One of the dangers of covering the news of a particular place at a particular time is that the reporter doing the coverage may wind up being part of the news himself if he stays too long in a place where news is happening. I'm not a professional journalist, but I have been trying as best I can to give an accurate account of the unfolding economic collapse that has resulted from the passing of the worldwide peak of crude oil extraction. Now it seems that this collapse is about to touch me personally.
Our company's local office has been shrinking steadily over the last several months, as departments representing various design disciplines have run out of work. Some parts of our leased space are now more than half empty. The office management has offered to put the remaining employees of several departments on part-time schedules in order to avoid further layoffs. Within the last two weeks, our department's turn has come. Even though we get to choose whether or not we want to work part time, it seems to be a Hobson's choice, as the likely alternative is to be shown the door.
This comes at an interesting time for the engineering profession nationwide; it seems that employment for electrical and electronic engineers is shrinking, and that many EE's are being shown the door during this economic downturn. (Source: http://news.softpedia.com/news/Engineering-Jobless-Rates-Are-Sky-High-116168.shtml) Of course, if any engineering jobs are being created, they are increasingly to be found in “low-cost centers” overseas, or they involve significant overtime and extensive, mandatory travel.
This trend in engineering job availability brings up an important question for those who are collapse-aware. Given what we know and the trends we see, should we take the disappearance of our employment as a signal to jump clear of the breaking system of the official economy? If you were laid off tomorrow, would you take it as a signal that you should start your own business or make some of the other radical readjustments commonly known to collapse-aware people? Or would you try as hard as possible, for as long as possible, to cling desperately to the official economy, in order to continue meeting your needs via that economy?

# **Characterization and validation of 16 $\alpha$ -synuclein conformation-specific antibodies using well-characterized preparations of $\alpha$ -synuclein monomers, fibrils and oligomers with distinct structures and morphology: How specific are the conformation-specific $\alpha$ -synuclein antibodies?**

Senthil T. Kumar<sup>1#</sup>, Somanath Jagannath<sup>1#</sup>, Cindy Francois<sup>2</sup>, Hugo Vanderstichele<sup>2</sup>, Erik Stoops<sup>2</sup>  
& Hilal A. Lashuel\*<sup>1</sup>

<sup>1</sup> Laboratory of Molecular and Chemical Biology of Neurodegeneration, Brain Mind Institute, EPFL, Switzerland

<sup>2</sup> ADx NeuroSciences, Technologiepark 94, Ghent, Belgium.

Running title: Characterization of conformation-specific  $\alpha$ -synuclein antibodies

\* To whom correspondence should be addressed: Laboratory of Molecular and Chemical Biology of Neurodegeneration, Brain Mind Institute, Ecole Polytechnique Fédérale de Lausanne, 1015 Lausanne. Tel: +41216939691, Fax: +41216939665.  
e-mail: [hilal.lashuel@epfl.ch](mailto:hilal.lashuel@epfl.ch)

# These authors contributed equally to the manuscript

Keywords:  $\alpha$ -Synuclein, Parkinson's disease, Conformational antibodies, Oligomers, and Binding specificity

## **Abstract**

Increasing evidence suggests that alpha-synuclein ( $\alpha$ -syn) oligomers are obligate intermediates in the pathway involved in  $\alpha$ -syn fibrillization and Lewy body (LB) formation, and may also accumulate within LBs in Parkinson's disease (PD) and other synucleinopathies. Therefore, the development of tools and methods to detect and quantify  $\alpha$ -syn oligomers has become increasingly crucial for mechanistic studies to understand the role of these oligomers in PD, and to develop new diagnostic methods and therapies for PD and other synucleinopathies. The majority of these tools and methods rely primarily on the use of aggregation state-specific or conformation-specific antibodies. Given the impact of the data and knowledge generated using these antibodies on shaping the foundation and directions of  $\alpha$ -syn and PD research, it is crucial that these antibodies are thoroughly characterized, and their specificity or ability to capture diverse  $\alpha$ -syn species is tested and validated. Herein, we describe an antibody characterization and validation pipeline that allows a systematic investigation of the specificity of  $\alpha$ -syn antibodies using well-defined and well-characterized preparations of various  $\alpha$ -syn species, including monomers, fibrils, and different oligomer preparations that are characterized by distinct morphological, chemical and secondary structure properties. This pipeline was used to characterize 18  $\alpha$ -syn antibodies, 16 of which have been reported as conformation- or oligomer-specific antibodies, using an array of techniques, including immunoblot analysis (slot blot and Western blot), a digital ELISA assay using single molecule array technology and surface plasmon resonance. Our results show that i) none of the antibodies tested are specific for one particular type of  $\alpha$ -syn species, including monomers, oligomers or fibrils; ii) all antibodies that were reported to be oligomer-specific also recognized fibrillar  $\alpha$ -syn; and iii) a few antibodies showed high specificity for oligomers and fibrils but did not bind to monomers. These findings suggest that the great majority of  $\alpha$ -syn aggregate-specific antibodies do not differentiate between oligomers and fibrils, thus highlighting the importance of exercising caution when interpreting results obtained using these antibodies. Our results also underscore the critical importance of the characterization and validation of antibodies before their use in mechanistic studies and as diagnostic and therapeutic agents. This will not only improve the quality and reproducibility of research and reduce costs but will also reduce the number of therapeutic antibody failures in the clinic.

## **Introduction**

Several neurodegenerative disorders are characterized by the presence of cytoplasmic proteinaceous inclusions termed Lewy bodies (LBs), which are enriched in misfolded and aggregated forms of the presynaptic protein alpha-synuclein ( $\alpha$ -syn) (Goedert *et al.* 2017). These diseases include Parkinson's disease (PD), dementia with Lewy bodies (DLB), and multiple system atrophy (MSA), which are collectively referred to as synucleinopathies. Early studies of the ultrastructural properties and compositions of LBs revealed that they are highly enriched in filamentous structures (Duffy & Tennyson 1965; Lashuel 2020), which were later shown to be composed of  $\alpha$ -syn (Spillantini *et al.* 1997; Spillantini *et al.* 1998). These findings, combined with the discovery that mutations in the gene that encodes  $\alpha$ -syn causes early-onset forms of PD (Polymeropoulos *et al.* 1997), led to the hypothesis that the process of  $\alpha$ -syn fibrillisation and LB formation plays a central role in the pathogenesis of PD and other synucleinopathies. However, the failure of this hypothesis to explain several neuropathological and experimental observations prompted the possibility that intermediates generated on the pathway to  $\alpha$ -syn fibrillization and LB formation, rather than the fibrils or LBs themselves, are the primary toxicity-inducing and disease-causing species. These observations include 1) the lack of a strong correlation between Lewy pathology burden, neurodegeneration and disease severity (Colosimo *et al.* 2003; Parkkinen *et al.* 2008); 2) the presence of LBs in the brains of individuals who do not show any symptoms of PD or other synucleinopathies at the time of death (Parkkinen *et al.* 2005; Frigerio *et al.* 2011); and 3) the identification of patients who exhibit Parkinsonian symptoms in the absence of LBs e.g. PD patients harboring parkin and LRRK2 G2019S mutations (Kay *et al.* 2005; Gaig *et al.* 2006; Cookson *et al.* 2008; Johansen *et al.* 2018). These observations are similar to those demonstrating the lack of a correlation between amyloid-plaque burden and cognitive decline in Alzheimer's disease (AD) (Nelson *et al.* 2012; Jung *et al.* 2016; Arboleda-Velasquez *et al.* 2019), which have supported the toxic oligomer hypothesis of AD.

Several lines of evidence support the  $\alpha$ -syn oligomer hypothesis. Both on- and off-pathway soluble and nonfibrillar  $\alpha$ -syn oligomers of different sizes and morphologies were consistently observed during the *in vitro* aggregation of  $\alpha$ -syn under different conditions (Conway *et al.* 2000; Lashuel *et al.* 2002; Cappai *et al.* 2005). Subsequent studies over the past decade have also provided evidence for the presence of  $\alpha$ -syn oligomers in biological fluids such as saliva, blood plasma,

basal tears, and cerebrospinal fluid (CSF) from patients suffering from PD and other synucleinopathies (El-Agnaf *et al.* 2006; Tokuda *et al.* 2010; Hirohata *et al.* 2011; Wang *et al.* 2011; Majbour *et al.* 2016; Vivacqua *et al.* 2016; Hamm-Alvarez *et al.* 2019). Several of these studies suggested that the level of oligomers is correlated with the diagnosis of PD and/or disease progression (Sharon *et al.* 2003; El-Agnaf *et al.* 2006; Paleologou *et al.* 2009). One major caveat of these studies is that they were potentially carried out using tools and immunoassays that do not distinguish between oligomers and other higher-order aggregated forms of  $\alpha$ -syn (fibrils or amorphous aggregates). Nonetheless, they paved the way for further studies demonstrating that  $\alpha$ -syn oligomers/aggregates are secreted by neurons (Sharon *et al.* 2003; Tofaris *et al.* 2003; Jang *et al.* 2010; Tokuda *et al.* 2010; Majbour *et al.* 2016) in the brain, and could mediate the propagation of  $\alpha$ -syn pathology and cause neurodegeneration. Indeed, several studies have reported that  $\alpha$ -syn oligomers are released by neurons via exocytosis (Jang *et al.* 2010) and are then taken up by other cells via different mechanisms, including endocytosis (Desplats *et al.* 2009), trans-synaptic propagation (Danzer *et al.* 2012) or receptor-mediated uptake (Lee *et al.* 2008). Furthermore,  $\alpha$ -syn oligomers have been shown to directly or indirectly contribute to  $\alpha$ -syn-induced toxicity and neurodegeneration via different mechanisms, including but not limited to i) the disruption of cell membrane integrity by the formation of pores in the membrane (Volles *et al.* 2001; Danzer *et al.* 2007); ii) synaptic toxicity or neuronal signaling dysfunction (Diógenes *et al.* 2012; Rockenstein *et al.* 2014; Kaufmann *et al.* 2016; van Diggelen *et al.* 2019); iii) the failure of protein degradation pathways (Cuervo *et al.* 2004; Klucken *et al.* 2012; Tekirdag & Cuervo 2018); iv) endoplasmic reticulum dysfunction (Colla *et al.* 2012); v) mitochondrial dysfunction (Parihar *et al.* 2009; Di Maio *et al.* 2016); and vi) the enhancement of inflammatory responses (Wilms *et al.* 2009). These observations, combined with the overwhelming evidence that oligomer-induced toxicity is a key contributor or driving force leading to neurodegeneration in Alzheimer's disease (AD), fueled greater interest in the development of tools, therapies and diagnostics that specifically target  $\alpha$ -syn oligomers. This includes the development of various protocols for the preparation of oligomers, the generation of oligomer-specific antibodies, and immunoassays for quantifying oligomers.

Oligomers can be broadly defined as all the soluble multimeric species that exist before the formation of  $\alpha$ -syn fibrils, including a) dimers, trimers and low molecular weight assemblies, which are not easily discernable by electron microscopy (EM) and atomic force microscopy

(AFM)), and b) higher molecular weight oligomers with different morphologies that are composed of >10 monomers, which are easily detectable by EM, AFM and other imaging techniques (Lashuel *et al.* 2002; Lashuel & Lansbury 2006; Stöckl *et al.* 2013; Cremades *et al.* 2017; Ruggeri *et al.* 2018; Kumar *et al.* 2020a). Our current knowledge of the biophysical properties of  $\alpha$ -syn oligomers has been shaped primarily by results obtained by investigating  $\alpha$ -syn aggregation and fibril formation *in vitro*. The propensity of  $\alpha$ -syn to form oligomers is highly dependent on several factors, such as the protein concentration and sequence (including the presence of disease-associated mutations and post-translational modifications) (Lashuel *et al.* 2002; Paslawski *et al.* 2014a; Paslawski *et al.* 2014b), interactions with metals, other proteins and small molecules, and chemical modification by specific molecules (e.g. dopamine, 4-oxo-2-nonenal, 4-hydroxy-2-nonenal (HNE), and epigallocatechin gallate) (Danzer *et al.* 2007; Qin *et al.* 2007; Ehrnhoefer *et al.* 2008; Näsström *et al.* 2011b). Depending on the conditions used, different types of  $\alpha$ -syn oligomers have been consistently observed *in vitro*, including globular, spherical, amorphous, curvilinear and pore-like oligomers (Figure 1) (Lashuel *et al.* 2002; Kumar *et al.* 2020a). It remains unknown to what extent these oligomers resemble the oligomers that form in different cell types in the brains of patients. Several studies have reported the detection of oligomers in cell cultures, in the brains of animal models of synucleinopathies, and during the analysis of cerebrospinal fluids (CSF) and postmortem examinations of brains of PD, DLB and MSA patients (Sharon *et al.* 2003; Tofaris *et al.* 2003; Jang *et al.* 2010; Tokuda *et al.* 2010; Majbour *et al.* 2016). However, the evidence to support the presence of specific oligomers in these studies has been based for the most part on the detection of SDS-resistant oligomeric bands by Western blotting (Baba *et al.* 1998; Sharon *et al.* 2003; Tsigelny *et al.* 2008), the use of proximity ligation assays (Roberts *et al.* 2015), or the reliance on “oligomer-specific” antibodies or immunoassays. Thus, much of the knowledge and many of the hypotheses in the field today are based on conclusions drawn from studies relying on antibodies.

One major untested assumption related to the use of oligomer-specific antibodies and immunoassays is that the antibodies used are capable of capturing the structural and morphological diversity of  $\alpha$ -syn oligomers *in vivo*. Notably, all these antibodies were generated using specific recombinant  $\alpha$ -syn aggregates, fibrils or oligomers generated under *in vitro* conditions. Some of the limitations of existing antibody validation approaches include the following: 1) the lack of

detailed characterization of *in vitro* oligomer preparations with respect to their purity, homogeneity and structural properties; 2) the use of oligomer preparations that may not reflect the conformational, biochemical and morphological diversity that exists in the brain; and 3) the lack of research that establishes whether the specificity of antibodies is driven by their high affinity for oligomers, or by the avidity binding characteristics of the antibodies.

To cling to the official economy when one knows that it is breaking seems unwise to me. There is an opportunity cost involved, if one is working 60+ hours a week and traveling one or two weeks a month for a paycheck in order to prolong, for a little while, a certain lifestyle. One who lives such a life has very little time to prepare the necessary adaptations of self-reliance for the day when the official economy breaks. If my office shows me the door, there are some jobs for which I will not apply.
But I have a friend who has taken an engineering assignment in a faraway foreign country for a few years. The pay is very, very good (although the country itself is not the sort of place most tourists would like to visit), and my friend needs the money because of a large mortgage. I only hope his company doesn't go out of business while he's overseas. Such an event might make it extremely difficult to get back to the U.S. again. Such a possibility should not be taken lightly; much stranger things have happened within the last couple of years.